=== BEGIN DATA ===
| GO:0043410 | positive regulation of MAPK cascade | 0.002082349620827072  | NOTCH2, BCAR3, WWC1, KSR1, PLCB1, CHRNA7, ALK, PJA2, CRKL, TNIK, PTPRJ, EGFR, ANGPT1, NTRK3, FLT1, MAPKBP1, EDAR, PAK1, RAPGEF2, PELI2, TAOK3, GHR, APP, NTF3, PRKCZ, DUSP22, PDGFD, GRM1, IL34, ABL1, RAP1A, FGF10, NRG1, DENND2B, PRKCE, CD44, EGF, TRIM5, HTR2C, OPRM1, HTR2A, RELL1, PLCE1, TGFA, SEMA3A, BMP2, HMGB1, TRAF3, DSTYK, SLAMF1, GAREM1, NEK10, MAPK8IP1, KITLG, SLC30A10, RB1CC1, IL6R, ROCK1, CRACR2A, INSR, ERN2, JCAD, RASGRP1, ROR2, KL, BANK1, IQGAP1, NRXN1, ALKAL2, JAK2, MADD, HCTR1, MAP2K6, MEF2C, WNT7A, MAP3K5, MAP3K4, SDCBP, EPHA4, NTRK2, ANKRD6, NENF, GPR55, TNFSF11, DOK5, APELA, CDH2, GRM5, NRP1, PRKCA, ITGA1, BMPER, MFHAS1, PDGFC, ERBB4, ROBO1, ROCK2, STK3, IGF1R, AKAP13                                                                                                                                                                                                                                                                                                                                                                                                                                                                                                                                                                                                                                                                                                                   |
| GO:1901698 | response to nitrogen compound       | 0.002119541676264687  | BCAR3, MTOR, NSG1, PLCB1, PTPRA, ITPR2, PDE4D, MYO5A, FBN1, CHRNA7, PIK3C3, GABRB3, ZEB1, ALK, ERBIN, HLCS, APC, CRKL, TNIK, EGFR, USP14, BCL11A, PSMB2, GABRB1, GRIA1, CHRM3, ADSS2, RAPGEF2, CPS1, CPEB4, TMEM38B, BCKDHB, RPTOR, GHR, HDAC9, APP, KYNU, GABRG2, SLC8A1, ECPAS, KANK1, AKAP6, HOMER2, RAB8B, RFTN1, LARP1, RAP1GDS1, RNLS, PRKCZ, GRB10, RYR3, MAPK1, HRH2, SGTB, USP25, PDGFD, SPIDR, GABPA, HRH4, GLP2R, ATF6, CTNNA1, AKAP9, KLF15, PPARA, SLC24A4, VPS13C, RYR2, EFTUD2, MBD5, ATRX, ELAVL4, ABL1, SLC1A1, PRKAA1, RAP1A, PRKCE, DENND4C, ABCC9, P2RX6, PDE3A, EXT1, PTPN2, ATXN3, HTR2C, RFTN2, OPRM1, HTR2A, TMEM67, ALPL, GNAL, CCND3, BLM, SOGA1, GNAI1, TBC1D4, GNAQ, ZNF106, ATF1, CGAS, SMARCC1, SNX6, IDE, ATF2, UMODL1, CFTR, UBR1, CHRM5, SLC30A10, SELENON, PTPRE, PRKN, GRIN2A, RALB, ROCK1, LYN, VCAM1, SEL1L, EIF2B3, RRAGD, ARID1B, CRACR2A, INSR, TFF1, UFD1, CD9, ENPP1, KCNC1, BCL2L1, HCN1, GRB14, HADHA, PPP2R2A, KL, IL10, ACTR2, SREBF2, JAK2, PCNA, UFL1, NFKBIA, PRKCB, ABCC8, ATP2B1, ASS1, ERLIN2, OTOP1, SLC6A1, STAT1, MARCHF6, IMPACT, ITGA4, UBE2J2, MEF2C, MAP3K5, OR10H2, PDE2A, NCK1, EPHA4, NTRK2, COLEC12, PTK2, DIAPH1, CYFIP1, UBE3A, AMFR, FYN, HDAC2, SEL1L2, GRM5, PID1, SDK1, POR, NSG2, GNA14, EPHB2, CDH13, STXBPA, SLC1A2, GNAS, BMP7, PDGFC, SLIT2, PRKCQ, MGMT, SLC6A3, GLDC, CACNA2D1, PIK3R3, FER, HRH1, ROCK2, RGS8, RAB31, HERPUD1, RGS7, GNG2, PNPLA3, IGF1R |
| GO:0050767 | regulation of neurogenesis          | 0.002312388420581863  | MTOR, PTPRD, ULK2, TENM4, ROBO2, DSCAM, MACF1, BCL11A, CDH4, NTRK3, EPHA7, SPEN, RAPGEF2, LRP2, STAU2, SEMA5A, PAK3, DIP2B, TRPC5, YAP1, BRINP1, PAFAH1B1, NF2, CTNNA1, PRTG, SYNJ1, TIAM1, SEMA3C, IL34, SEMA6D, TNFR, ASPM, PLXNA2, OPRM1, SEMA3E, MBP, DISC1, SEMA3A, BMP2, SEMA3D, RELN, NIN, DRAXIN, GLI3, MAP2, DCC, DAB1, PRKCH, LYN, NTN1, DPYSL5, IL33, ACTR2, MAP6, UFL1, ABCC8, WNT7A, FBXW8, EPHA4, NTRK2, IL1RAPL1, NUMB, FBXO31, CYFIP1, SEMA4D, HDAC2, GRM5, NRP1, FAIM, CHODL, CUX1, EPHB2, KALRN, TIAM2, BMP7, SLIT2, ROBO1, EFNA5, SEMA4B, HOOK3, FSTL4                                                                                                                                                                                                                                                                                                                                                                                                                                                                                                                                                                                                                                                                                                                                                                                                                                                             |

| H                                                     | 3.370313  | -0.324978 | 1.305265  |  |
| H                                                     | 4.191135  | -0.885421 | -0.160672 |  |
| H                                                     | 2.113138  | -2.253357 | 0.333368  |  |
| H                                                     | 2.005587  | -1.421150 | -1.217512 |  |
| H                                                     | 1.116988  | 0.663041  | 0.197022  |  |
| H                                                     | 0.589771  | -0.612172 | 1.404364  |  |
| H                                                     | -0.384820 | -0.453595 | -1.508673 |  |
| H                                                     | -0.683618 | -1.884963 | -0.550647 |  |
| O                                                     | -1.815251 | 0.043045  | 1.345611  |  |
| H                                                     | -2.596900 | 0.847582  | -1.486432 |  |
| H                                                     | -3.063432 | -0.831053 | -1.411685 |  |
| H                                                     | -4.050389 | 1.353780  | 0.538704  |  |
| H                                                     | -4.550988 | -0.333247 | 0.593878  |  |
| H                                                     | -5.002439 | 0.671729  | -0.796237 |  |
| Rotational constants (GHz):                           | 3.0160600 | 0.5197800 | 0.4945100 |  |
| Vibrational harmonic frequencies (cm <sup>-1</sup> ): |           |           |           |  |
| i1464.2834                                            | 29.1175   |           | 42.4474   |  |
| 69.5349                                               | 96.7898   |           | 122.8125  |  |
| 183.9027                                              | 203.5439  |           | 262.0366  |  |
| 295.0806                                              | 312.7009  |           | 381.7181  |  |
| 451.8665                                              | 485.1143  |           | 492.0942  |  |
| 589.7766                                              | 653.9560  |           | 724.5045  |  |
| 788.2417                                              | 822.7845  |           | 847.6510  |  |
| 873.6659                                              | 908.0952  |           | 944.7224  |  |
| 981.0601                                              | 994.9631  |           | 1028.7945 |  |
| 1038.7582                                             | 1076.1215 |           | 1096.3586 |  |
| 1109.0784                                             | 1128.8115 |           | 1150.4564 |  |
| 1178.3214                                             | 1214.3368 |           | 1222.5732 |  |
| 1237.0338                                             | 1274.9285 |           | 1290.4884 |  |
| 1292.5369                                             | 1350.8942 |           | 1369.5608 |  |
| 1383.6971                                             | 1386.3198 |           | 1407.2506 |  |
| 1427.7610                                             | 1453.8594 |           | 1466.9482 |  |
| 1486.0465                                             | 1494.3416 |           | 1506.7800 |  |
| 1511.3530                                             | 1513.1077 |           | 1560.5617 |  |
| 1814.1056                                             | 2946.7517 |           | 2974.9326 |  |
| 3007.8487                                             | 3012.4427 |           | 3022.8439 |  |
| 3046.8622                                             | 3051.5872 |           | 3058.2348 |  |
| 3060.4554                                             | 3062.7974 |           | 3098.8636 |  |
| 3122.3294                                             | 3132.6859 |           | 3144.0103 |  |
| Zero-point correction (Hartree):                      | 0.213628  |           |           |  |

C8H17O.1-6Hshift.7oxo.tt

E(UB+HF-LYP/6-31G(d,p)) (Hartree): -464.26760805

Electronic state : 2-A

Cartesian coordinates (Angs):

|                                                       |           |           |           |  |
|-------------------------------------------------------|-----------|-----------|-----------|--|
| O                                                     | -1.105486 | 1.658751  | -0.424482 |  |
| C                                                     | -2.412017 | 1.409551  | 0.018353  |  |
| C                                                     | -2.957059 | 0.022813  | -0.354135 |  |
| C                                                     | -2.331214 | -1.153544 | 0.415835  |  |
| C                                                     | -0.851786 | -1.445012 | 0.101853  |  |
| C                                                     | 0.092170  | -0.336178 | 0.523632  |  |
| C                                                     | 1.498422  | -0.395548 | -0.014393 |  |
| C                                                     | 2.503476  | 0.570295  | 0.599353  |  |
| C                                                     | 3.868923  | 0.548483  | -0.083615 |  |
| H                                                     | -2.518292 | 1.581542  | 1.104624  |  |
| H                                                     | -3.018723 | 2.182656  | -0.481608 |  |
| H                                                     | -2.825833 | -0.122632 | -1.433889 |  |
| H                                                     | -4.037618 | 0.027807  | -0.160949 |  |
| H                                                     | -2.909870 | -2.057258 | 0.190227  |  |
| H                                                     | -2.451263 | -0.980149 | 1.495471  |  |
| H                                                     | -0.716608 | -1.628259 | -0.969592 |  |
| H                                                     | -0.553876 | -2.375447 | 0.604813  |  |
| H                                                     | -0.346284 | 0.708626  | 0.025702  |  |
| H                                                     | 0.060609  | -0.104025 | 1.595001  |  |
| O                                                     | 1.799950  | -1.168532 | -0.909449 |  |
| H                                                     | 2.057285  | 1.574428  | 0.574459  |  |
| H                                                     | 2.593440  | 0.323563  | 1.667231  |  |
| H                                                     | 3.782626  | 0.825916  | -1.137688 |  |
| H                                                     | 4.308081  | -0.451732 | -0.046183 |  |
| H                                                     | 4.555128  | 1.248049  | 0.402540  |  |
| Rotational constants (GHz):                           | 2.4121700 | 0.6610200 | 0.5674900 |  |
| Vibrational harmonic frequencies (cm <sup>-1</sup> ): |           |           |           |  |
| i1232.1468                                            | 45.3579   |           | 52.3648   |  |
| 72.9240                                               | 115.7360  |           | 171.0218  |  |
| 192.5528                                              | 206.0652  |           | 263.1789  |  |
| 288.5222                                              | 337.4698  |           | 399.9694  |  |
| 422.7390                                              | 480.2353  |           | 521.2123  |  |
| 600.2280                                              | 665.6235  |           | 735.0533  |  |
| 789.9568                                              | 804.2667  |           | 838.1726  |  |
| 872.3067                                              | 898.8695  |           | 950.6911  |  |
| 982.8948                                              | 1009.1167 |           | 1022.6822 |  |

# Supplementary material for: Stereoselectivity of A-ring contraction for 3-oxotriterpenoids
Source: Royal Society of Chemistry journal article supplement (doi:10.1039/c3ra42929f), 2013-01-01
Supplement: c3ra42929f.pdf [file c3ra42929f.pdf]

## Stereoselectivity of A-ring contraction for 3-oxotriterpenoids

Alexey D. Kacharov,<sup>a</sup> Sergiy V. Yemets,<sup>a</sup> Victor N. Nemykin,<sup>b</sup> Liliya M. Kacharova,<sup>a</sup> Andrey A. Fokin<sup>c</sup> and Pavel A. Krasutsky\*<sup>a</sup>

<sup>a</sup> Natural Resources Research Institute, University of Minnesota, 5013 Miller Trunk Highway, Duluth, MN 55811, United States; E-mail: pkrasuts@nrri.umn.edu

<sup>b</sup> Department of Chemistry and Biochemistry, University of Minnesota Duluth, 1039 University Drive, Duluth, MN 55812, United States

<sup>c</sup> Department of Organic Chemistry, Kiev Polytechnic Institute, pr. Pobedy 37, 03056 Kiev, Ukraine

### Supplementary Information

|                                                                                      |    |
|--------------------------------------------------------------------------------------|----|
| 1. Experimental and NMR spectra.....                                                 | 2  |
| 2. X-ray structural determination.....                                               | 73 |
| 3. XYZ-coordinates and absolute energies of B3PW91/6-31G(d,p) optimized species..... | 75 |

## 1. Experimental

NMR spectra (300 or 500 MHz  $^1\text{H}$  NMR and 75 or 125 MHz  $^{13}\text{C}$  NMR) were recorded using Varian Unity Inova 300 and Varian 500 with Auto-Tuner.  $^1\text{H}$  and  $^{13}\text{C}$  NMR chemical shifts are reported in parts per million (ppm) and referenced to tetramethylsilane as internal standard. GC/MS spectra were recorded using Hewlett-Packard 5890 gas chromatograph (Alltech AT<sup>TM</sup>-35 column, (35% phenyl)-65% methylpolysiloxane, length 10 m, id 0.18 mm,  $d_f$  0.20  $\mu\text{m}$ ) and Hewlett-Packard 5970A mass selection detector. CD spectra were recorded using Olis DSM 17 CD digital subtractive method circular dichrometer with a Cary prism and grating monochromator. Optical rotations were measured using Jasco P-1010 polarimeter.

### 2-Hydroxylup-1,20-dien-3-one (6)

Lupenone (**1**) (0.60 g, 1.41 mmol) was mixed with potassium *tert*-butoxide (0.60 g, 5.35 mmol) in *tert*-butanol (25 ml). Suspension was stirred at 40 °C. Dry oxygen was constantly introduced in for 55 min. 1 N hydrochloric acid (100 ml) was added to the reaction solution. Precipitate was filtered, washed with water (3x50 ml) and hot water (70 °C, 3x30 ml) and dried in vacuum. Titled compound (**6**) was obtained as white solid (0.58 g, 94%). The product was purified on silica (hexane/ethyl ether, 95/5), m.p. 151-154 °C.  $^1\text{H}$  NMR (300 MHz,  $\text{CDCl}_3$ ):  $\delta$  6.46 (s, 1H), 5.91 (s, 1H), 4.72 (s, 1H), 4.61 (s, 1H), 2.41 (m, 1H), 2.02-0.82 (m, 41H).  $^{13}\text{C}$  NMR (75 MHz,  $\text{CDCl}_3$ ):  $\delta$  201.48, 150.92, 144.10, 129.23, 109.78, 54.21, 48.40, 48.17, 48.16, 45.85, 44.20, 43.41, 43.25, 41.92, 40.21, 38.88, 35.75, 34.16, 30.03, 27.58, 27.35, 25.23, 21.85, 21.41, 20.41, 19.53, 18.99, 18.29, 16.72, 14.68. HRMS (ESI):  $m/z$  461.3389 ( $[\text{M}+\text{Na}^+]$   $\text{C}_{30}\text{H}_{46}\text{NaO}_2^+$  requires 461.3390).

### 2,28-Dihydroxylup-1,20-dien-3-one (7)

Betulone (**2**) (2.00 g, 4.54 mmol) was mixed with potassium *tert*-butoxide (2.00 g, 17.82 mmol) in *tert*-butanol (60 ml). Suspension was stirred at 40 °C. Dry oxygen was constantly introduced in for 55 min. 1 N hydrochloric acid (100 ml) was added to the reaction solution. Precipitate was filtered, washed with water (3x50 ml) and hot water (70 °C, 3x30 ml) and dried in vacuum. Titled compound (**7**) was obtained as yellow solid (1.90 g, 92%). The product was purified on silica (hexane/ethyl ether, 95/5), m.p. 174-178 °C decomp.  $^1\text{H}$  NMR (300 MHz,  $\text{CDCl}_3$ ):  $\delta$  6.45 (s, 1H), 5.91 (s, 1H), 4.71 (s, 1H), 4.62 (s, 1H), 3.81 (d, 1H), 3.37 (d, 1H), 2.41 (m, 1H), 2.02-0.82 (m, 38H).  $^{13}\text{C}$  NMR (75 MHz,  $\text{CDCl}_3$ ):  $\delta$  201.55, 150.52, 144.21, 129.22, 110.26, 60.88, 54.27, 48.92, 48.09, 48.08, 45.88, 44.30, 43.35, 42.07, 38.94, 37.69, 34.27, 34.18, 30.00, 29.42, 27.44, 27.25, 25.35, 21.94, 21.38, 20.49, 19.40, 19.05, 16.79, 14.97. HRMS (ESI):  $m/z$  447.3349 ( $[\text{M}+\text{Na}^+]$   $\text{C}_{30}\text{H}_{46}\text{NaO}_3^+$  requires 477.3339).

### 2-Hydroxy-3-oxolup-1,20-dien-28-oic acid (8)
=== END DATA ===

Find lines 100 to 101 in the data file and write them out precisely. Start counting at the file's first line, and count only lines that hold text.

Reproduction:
## 1. Experimental

NMR spectra (300 or 500 MHz  $^1\text{H}$  NMR and 75 or 125 MHz  $^{13}\text{C}$  NMR) were recorded using Varian Unity Inova 300 and Varian 500 with Auto-Tuner.  $^1\text{H}$  and  $^{13}\text{C}$  NMR chemical shifts are reported in parts per million (ppm) and referenced to tetramethylsilane as internal standard. GC/MS spectra were recorded using Hewlett-Packard 5890 gas chromatograph (Alltech AT<sup>TM</sup>-35 column, (35% phenyl)-65% methylpolysiloxane, length 10 m, id 0.18 mm,  $d_f$  0.20  $\mu\text{m}$ ) and Hewlett-Packard 5970A mass selection detector. CD spectra were recorded using Olis DSM 17 CD digital subtractive method circular dichrometer with a Cary prism and grating monochromator. Optical rotations were measured using Jasco P-1010 polarimeter.